- The Washington Times - Tuesday, June 10, 2008

RICHMOND | Gov. Tim Kaine on Monday commuted the sentence of a death-row inmate with a history of mental issues.

Percy Walton, 29, was sent to death row for robbing and killing three neighbors in Danville in 1996. He was set to die at 9 p.m. Tuesday at Greensville Correctional Center in Jarratt.

Mr. Kaine, a Democrat, commuted Walton’s sentence to life in prison.

Walton’s attorneys claim he suffers from schizophrenia and that he doesn’t understand that his execution would mean the end of his life.

A federal court stepped in three days before Walton’s scheduled execution in 2003 to allow time to determine whether Walton understood he was going to die and why. Mr. Kaine halted Walton’s execution twice in 2006 for further evaluation of his mental condition.

“Given the extended period of time over which Walton has exhibited this lack of mental competence, I must conclude that a commutation of his sentence to life in prison without possibility of parole is now the only constitutionally appropriate course of action,” Mr. Kaine said.

Mr. Kaine, a Roman Catholic, has personal, faith-based objections to the death penalty but has allowed five executions to proceed since he became governor in 2006, including one last month.

Walton was the first inmate Mr. Kaine has spared the death penalty.

Nash Bilisoly, Walton’s attorney, was pleased with the governor’s decision but said Walton wouldn’t know the difference.

“Percy Walton will not know that it is Monday, much less that his sentence has been commuted,” he said.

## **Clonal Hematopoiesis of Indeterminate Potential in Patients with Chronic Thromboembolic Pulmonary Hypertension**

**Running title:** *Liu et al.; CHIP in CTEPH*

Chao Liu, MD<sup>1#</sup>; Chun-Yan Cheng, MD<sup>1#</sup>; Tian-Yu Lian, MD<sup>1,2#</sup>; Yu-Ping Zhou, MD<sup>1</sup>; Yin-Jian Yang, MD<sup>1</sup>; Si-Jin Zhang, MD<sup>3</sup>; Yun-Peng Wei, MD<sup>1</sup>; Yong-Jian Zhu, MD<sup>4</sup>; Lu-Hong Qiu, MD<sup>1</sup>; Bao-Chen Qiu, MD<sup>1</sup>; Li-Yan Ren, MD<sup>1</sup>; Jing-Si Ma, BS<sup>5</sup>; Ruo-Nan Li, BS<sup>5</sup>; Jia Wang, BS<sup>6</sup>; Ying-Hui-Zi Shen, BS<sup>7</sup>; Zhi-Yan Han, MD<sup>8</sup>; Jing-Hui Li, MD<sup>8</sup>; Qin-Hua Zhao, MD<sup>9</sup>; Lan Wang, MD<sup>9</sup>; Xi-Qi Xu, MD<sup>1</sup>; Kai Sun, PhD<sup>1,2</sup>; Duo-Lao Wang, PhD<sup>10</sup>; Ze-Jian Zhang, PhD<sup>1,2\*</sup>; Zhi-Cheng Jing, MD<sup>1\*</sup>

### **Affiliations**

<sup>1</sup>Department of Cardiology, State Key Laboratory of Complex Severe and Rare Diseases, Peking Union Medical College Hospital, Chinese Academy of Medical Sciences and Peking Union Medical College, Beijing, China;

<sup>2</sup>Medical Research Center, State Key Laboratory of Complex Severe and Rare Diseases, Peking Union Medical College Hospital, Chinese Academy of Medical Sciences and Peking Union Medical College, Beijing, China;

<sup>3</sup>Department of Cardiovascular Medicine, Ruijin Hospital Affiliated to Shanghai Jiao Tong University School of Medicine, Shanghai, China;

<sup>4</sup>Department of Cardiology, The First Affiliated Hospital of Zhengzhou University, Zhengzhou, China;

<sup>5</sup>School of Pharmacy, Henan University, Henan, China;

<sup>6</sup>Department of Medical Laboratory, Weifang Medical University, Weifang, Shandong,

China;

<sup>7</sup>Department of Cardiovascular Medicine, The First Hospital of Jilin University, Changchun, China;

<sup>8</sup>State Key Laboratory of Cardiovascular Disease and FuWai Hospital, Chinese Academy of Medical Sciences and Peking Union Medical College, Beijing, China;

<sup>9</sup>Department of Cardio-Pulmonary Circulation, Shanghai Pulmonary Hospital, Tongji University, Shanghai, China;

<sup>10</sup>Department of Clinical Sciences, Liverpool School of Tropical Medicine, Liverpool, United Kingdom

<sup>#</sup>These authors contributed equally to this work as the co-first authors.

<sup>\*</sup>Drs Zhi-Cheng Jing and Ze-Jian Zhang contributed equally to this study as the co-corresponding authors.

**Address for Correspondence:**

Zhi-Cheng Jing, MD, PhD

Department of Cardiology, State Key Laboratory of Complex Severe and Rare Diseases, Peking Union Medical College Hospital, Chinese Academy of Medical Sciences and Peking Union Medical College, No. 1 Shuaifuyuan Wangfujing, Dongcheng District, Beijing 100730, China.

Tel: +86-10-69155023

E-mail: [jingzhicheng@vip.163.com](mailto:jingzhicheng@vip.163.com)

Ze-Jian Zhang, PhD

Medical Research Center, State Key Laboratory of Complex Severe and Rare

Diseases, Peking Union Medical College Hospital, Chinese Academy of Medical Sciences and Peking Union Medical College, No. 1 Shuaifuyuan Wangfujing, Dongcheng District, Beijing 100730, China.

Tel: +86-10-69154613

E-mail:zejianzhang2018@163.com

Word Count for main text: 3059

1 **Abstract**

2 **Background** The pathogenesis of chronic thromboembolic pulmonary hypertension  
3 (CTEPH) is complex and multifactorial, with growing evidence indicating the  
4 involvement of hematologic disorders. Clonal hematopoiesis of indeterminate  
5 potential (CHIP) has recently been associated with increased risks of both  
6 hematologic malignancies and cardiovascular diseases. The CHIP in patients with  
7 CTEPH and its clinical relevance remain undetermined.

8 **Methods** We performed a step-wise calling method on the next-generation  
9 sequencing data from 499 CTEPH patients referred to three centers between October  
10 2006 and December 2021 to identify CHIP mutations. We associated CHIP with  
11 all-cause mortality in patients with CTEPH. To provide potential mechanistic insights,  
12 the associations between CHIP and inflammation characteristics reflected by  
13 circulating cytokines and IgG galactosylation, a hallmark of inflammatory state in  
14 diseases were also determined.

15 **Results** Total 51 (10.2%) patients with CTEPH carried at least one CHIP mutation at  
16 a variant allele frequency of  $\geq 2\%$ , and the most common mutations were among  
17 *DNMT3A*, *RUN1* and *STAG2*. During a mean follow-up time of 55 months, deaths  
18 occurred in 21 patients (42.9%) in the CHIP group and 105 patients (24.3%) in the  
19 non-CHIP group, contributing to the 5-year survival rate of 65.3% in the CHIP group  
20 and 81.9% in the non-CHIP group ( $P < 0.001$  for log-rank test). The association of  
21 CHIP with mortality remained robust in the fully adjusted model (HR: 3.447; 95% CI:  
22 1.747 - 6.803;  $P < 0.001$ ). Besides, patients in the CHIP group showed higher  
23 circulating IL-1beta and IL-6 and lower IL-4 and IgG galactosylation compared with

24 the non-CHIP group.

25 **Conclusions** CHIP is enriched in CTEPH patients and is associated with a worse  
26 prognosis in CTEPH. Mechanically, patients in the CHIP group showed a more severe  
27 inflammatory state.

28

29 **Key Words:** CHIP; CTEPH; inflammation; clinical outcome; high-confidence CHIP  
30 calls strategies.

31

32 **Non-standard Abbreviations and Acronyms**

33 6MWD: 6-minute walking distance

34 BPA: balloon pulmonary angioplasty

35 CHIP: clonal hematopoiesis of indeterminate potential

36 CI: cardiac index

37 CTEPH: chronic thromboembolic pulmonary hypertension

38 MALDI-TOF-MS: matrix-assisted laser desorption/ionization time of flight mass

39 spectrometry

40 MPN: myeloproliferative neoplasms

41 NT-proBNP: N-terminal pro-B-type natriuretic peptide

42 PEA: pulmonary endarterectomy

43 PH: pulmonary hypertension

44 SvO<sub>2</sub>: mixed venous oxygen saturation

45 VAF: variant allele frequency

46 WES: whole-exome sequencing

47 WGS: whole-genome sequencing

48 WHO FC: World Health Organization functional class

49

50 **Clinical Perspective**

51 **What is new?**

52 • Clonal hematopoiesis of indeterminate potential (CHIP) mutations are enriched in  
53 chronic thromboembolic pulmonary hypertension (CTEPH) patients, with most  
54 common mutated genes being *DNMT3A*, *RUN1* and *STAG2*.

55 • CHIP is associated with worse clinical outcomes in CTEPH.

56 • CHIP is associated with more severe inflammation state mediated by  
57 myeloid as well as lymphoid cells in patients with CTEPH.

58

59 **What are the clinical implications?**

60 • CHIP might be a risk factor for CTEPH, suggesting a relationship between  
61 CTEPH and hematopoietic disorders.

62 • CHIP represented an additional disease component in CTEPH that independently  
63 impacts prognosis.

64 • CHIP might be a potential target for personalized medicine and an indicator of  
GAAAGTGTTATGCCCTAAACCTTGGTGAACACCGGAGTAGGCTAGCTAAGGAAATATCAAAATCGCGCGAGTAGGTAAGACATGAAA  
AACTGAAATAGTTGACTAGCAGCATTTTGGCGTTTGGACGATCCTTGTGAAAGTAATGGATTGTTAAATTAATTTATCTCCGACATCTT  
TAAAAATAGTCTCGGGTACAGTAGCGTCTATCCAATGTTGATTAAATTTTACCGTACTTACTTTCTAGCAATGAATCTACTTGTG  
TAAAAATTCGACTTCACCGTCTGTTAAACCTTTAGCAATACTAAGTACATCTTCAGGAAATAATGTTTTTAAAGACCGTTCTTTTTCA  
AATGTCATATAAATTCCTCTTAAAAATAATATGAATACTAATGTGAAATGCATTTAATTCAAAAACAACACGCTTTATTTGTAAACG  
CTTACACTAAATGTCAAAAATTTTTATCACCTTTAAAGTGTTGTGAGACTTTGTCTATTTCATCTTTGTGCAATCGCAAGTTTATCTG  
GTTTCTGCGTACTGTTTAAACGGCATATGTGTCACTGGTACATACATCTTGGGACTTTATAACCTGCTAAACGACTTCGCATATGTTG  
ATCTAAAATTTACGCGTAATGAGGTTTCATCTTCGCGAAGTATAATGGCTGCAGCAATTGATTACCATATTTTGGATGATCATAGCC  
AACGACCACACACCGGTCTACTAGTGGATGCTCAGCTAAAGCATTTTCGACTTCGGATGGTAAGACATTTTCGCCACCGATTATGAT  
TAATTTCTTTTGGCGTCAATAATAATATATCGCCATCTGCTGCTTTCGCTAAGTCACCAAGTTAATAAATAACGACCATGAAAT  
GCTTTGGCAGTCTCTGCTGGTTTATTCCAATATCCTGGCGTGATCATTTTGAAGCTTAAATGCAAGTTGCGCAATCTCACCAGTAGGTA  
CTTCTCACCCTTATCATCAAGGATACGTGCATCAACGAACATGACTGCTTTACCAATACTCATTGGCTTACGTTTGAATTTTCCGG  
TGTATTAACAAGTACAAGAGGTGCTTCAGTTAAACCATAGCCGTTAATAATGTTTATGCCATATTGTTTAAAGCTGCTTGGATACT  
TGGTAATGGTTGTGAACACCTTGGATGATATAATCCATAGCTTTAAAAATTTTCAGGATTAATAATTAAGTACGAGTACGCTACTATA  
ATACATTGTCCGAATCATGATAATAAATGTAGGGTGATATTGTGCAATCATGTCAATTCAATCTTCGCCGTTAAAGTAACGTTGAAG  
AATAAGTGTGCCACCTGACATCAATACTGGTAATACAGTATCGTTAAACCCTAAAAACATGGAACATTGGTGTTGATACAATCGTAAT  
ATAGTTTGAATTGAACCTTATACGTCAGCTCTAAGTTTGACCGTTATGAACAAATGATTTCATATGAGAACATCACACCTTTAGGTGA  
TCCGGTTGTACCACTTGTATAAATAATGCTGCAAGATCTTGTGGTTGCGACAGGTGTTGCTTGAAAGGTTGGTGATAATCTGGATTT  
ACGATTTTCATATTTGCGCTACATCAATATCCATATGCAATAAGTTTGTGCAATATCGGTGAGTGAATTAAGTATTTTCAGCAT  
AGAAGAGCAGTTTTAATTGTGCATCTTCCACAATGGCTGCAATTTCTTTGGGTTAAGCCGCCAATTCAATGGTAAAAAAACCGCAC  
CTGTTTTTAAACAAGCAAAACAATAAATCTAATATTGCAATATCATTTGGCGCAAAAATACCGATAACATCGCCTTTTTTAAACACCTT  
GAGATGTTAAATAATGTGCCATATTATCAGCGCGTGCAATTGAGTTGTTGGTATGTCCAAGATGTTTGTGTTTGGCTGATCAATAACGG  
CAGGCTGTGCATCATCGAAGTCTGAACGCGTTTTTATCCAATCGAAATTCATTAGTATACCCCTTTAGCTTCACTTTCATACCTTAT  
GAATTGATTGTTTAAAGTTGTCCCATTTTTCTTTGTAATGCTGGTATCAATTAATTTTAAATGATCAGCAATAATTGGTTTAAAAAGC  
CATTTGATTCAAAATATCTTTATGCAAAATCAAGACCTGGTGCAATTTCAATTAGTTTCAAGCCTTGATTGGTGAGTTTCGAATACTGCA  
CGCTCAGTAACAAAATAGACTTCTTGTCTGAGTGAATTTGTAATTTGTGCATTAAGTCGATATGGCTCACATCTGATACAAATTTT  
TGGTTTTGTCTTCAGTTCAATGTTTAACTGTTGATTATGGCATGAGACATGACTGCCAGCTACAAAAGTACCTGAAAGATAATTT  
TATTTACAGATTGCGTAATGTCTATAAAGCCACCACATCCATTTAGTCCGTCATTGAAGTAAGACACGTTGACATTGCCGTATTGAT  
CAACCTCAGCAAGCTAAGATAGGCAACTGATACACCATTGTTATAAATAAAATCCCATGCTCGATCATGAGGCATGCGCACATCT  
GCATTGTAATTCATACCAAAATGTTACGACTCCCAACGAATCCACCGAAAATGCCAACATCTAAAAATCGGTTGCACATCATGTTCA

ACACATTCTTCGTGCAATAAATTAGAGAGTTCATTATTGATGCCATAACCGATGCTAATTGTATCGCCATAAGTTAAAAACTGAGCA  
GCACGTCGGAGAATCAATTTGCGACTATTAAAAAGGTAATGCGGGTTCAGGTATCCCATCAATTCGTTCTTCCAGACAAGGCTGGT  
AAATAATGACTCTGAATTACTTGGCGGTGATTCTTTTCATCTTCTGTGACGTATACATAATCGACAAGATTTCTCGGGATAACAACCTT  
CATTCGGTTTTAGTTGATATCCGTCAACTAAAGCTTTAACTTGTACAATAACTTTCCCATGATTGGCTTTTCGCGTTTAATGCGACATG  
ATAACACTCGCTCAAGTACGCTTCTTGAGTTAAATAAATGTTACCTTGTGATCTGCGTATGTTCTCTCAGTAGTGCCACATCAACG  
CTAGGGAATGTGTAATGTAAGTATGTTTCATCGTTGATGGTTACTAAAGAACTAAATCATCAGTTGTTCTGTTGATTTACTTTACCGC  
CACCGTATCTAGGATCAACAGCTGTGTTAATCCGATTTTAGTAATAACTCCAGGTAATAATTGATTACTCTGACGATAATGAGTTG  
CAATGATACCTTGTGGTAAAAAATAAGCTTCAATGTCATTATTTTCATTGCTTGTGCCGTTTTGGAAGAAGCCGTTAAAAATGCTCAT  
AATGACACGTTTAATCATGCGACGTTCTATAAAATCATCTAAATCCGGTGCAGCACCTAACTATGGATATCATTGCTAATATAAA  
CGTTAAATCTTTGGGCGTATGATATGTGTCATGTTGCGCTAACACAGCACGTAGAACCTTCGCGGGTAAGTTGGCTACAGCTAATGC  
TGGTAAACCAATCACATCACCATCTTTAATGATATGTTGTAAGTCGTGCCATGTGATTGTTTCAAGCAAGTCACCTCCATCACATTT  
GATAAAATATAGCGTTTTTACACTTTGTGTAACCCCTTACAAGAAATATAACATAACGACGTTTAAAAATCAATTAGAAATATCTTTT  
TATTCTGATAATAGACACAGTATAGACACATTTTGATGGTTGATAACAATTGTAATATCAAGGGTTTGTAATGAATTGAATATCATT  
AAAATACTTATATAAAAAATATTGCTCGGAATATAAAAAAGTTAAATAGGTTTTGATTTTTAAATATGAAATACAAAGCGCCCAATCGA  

Mr. Bilisoly said he did not know where Walton would end up but hoped he would get treatment.

“I think it’s apparent that he ought to be somewhere where he can get some mental health treatment,” Mr. Bilisoly said.

Attorney General Bob McDonnell, a Republican, was reviewing the governor’s statement and would have a response later Monday, spokesman David Clementson said.

The U.S. Supreme Court has ruled it unconstitutional to execute the insane or those with an IQ less than 70, established by the age of 18, who lack basic adaptive skills.

No competency hearing was held before Walton was sentenced to death, and various mental evaluations have yielded conflicting results.

Walton scored 90 and 77 on intelligence tests taken when he was 17 and 18, respectively. After he was sentenced to death, Walton’s scores declined.

Walton has said that after he is put to death he plans to go to Burger King and maybe ride a motorcycle. But he also has referred to execution as “the end” and said before his trial that the “chair is for killers.”

Walton pleaded guilty in 1997 to the murders of Jessie and Elizabeth Kendrick, a couple in their 80s, and 33-year-old Archie Moore, an aviation instructor at a nearby college.

The Kendricks’ bodies were found Nov. 26, 1996 in their town house, both shot in the head from close range. Mr. Kendrick’s hands were clenched together above his head as if either praying or begging for Walton to spare their lives.

Mr. Moore’s body was found in a closet of his apartment two days later. He had been shot above the left eye, a plastic bag placed over his head and his body doused in cologne.

Mr. Kaine said he remained mindful of the victims’ families in reaching his decision.

“My thoughts and prayers are with the families of these honorable people,” he said.

Irene Jurscaga, 87, said she was disappointed her sister’s killer would not be put to death.

“It’s just another person that our tax dollars have to feed,” she said. “He isn’t deserving to be alive, someone who created such a heinous crime. He didn’t give my sister and brother-in-law a chance. They begged for their lives.”

Walton would have become the 100th person executed in Virginia since the U.S. Supreme Court reinstated capital punishment in 1976. Only Texas, with 405, has executed more.

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